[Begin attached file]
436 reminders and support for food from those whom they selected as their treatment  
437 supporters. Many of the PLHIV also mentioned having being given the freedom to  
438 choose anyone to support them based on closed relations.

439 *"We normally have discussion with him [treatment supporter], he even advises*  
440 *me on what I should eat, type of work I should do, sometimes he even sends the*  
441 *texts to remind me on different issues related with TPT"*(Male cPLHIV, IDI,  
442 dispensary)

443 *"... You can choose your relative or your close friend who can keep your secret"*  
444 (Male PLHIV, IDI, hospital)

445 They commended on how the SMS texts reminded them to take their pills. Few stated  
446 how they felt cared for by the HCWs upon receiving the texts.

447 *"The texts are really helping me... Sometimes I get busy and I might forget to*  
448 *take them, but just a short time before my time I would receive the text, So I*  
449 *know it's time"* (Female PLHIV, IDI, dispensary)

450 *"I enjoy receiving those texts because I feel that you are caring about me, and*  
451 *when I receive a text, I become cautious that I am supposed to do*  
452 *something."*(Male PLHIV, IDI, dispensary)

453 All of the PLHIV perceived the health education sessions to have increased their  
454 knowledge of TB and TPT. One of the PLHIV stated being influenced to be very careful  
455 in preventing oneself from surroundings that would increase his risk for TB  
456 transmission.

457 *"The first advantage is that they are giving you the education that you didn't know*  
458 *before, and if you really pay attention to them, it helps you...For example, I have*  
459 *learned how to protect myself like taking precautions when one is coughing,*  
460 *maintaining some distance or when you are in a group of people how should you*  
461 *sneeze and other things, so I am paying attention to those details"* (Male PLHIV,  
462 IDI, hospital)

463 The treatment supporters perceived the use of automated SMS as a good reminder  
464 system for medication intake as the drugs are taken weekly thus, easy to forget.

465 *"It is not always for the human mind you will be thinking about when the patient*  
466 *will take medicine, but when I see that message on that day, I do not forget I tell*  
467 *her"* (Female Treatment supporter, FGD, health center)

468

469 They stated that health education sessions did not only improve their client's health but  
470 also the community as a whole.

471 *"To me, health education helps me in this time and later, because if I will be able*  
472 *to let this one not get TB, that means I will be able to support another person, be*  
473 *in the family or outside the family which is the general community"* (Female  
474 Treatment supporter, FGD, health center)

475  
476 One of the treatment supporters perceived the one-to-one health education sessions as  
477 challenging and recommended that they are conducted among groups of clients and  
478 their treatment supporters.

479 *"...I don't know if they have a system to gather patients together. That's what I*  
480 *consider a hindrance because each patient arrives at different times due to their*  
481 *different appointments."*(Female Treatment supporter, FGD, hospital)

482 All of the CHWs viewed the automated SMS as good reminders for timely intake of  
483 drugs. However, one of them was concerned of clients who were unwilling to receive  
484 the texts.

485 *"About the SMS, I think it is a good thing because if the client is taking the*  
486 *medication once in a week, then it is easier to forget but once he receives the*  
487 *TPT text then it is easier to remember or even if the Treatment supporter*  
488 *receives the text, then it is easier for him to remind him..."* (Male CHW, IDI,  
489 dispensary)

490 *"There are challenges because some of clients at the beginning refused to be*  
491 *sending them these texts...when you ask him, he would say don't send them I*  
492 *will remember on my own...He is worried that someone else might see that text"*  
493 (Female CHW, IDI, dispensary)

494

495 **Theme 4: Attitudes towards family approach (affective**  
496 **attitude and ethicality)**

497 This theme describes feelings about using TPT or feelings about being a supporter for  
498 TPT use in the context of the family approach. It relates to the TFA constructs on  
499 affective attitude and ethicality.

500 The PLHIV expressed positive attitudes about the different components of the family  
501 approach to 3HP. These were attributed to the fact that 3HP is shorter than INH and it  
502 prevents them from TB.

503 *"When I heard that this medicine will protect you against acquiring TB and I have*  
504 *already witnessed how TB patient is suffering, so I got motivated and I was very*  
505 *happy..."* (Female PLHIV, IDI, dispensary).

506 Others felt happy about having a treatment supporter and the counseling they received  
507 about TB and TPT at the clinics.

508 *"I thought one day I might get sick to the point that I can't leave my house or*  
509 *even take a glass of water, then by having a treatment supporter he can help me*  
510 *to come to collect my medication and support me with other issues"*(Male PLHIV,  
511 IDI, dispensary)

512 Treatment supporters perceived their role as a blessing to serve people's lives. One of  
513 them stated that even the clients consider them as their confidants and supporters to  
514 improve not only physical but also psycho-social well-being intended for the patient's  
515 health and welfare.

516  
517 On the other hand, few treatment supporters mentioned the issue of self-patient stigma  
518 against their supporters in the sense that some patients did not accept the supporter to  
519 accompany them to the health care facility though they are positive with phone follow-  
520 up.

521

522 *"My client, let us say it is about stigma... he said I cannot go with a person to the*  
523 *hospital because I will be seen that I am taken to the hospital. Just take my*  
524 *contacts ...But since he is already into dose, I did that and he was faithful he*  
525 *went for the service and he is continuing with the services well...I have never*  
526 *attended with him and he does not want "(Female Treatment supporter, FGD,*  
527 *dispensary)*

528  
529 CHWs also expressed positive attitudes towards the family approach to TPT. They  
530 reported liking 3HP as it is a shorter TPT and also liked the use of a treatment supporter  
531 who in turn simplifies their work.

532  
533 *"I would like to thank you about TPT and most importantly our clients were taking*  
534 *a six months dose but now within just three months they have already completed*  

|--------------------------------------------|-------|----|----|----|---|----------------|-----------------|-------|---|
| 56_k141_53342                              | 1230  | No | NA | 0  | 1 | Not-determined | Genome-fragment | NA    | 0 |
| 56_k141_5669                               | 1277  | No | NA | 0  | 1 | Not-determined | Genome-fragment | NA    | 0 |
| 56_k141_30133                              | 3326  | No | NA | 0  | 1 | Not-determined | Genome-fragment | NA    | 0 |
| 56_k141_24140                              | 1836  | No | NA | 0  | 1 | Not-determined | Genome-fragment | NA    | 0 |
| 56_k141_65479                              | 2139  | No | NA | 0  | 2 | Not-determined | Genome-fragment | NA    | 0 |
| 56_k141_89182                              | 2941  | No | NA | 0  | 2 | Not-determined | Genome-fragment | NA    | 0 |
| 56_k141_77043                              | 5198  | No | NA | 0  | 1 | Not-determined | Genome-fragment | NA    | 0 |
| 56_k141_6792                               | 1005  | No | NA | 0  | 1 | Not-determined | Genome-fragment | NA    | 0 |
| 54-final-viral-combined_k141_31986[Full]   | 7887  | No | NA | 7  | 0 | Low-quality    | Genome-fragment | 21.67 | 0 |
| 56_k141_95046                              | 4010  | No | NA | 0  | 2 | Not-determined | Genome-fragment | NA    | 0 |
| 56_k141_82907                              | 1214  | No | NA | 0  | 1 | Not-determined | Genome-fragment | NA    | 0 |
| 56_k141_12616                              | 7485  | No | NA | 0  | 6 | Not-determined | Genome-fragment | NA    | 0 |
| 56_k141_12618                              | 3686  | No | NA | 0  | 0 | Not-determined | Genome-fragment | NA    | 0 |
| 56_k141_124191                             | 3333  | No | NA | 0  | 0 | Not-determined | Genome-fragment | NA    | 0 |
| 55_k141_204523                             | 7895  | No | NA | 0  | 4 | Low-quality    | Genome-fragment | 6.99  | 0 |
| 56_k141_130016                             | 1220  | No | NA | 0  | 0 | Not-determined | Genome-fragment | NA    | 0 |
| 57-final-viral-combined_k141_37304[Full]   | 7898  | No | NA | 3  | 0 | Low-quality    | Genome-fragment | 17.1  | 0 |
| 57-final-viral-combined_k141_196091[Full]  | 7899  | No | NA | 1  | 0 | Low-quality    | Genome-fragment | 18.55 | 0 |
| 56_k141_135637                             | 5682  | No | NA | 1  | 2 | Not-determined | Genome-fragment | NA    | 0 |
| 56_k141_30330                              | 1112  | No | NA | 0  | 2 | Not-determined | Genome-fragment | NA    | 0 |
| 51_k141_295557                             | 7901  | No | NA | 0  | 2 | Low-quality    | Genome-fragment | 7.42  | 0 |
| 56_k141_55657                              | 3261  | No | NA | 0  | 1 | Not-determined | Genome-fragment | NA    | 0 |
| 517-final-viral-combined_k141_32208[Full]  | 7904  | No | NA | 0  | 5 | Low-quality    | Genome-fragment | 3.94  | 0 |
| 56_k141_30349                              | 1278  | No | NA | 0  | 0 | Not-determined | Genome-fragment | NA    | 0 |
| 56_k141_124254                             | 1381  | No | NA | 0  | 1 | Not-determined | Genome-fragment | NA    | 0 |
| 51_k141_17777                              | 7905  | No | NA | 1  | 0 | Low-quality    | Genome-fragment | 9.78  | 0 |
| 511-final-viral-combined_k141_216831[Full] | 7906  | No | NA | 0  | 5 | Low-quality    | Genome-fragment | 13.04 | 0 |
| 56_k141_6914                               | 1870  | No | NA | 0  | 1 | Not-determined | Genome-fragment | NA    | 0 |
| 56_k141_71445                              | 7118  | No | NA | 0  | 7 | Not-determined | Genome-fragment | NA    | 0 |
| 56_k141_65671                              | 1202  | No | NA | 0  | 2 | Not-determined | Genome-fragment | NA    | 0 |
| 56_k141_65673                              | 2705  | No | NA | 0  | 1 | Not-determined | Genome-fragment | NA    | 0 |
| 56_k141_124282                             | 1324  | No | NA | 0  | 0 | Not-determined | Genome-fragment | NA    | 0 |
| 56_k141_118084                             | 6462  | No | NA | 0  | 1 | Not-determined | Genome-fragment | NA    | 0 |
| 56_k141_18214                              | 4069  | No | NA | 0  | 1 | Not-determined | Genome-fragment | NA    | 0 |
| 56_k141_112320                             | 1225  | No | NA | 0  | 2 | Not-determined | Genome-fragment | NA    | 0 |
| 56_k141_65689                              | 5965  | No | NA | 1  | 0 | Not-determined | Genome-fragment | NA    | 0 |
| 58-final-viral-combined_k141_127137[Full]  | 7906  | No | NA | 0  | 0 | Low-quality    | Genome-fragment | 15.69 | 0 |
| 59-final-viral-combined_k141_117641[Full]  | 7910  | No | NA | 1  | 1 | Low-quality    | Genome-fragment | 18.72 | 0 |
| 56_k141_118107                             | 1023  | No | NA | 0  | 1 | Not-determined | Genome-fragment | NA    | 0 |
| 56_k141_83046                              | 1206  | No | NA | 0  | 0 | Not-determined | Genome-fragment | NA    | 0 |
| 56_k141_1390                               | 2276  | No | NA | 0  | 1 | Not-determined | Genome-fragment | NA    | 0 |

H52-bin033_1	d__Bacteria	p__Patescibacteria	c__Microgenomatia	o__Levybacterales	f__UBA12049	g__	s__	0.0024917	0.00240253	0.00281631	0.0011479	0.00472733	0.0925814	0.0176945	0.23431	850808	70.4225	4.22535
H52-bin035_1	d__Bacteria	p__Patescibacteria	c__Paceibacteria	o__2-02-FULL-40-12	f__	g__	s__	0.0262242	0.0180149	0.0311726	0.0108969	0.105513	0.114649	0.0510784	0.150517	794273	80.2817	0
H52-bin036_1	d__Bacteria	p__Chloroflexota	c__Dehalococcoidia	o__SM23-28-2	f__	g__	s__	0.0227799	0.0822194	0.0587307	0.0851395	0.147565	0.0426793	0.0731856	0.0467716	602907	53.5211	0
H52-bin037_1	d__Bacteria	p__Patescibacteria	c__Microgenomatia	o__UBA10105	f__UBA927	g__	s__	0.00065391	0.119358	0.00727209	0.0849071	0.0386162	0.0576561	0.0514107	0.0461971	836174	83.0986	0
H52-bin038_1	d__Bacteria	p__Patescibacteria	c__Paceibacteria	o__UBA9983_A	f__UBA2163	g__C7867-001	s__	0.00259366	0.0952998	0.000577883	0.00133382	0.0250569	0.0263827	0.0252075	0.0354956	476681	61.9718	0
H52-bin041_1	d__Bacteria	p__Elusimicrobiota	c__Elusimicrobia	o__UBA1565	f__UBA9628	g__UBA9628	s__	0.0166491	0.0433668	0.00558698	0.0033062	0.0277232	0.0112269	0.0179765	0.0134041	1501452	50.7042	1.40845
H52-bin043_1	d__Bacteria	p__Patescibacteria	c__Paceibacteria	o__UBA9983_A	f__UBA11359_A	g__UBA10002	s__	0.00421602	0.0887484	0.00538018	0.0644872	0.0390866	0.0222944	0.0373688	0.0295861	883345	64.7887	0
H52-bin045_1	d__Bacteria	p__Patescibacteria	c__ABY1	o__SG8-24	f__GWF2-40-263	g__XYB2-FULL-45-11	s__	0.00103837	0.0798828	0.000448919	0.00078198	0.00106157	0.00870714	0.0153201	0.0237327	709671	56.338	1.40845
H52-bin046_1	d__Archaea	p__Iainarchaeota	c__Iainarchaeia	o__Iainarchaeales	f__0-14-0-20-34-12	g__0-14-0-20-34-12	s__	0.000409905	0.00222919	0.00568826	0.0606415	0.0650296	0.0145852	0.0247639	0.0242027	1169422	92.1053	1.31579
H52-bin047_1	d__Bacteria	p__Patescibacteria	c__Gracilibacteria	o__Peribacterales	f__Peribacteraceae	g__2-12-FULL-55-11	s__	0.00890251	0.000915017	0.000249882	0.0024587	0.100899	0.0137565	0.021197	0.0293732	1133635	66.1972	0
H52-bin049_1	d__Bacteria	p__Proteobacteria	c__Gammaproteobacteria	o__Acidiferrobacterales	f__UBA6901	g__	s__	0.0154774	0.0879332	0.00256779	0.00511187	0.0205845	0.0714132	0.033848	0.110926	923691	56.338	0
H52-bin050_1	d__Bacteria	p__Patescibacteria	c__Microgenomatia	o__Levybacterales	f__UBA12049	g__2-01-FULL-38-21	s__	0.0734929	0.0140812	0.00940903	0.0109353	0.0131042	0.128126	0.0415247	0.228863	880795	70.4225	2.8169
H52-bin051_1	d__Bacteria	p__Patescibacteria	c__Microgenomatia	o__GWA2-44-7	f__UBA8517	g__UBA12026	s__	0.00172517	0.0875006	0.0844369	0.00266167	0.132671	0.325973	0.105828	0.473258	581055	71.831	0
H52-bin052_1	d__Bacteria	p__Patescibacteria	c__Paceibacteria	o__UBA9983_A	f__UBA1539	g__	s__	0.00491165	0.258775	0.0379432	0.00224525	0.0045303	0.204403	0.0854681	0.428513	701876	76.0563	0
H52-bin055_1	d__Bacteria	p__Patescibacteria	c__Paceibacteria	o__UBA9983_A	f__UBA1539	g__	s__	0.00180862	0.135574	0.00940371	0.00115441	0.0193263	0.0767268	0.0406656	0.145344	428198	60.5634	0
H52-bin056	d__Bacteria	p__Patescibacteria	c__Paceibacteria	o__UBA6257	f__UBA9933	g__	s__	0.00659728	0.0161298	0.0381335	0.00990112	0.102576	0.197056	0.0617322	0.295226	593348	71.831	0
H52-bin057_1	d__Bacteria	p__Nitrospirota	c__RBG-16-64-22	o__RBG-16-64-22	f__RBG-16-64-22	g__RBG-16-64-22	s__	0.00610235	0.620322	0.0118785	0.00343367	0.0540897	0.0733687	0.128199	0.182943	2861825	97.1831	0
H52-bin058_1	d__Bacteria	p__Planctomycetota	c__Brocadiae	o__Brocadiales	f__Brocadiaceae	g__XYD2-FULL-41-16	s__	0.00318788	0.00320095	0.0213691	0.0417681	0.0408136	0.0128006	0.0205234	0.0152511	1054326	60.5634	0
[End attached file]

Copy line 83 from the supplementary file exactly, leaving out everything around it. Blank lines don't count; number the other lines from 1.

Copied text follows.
518 against their supporters in the sense that some patients did not accept the supporter to  